Even if the vehicle that was struck was unoccupied, the person that hit the vehicle is responsible for attempting to locate the owner. If unable to find the owner, a note with the driver’s contact information must be left in a visible location. If this is not done, serious penalties can happen.

What are the Penalties for a Hit and Run in Arizona?

Of the 50 states, Arizona ranked number 5 in a study conducted by AAA that ranks the states on their hit and run fatalities of 2018. Below we outline the different types of hit and run accidents and their potential penalties. They range due to the severity of the accident and those involved. In any case, it is always recommended for those that left the scene to seek legal advice from a hit and run attorney to investigate the incident and look for the best possible outcome.

Click Here to Read Full Article…


Charged for DUI Drugs as a Medical Marijuana Card Holder in Arizona

Charged for DUI Drugs as a Medical Marijuana Card Holder in Arizona

Even though recreational possession and use of marijuana remains illegal in Arizona, it has been legalized in the neighboring states of California, Nevada, and Colorado. The possession and use of marijuana for medical purposes in Arizona is perfectly legal though for patients who qualify and are approved for it. What comes to issue for medical marijuana patients are Arizona’s impaired driving laws. It’s illegal to drive impaired in the state when under the influence of marijuana. A conviction is equivalent in seriousness as driving under the influence of alcohol.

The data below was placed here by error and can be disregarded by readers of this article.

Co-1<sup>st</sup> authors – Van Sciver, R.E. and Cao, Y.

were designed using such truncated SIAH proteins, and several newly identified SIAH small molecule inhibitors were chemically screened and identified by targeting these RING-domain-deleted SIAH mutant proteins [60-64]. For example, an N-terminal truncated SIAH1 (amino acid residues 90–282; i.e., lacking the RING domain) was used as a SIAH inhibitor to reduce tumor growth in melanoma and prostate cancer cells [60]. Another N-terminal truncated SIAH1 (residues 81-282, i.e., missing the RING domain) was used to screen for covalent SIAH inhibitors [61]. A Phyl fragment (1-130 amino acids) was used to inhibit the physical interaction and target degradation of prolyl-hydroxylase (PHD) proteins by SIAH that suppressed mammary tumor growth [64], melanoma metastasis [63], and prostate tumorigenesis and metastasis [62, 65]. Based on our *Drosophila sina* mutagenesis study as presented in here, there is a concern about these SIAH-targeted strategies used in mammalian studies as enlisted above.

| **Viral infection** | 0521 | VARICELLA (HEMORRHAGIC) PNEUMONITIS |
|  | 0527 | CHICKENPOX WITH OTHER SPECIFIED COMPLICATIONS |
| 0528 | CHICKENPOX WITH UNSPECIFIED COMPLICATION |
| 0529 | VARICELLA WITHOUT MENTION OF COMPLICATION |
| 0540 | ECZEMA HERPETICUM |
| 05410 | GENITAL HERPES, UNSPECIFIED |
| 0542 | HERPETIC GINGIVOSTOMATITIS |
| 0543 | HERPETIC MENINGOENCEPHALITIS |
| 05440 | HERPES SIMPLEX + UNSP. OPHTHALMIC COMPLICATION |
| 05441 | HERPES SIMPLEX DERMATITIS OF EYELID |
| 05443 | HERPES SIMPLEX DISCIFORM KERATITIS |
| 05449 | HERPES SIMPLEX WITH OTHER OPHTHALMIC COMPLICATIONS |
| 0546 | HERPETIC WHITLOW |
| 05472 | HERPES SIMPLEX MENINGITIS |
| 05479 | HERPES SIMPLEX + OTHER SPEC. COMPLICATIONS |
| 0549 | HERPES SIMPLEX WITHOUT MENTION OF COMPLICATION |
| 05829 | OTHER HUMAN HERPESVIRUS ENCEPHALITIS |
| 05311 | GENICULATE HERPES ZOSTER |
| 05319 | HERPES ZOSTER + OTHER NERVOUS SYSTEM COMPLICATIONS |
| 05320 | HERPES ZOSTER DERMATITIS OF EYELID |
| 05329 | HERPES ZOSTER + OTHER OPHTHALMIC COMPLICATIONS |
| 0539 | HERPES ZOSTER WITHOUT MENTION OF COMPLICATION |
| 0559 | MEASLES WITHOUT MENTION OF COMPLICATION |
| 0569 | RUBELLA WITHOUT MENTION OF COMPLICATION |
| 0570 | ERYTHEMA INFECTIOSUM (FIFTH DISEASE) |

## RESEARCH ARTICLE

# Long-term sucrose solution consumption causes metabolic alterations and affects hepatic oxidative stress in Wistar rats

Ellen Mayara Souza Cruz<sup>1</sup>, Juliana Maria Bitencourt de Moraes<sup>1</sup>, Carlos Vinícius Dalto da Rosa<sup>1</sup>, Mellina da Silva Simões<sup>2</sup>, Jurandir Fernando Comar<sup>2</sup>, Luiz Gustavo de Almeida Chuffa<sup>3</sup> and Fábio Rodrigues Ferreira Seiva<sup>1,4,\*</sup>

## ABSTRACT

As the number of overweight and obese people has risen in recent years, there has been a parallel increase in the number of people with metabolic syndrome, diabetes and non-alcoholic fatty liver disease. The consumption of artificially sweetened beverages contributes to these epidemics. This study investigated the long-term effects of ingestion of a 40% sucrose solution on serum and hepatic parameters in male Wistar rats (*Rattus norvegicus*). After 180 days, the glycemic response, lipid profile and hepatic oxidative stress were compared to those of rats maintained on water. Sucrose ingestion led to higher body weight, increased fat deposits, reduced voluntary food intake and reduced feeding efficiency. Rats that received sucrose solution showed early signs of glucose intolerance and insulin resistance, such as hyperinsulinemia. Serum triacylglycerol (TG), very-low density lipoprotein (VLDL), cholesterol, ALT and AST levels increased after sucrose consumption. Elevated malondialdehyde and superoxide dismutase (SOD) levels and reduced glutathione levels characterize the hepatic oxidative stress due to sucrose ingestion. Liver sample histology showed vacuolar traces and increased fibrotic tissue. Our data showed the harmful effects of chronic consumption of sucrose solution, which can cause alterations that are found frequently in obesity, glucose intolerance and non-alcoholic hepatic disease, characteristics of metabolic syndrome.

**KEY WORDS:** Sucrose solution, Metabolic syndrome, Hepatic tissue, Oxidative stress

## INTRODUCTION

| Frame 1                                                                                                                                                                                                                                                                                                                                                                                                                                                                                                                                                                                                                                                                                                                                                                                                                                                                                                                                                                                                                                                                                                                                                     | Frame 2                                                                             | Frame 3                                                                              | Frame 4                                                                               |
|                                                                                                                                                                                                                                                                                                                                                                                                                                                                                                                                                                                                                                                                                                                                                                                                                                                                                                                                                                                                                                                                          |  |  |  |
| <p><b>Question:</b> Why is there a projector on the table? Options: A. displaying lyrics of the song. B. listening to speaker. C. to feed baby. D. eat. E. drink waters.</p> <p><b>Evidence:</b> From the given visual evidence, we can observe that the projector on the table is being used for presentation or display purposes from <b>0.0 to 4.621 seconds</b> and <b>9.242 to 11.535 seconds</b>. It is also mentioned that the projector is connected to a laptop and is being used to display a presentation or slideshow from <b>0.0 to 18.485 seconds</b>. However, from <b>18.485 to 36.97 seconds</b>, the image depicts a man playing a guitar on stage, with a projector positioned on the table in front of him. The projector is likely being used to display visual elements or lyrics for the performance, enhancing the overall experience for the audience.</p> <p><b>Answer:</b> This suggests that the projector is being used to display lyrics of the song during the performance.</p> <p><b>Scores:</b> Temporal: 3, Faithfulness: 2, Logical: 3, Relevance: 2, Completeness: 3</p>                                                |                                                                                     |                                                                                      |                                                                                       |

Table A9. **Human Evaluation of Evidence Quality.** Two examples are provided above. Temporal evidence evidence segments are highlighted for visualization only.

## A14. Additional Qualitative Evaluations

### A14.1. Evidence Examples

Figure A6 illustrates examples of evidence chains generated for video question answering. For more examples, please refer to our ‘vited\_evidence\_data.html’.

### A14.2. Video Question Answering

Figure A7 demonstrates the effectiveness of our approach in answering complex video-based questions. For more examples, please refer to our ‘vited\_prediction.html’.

Marijuana and Driving Under the Influence Laws

As per ARS 28-1381 (A)(3), a driver could be found guilty of DUI Drugs if he or she is determined to have been driving or was in actual physical control of a vehicle and was “impaired to the slightest degree” by any drug or its metabolite. That’s equivalent to a “zero tolerance” law. Under ARS section 13-3401, the definition of drugs includes marijuana. As per the Arizona Supreme Court, actual physical control is defined as having “current or imminent control” over the vehicle and presenting a “real danger” to yourself or the public. Current or imminent control over a motor vehicle is determined by a totality of the facts and circumstances surrounding a case.

Supreme Court of Arizona v. Hon. Harris (Shilgevorkyn) Case

On December 11, 2010, at about 10:30 p.m., Hrach Shilgevorkyn was stopped by the Maricopa County Sheriff’s Department for allegedly speeding and making an illegal lane change. Police believed that Shilgevorkyan might have been impaired, and he was asked to perform a series of field sobriety tests. After performing the tests, Shilgevorkyan said that he had smoked “weed” the night before. He was not using it for medical purposes. He was asked to submit to blood tests which he voluntarily submitted to shortly after midnight. It was determined that carboxy-tetrahydrocannabinol (carboxy-THC) was in his blood sample. Our criminal defense attorney from DM Cantor represented Shilgevorkyan against these dui charges. What the case turned on was whether Carboxy-THC was an impairing metabolite. In a four to one decision, the Arizona Supreme Court determined that it was not. Here is a summary of the court’s decision and rationale. It focused on the interpretation of section 28-1381(A)(3).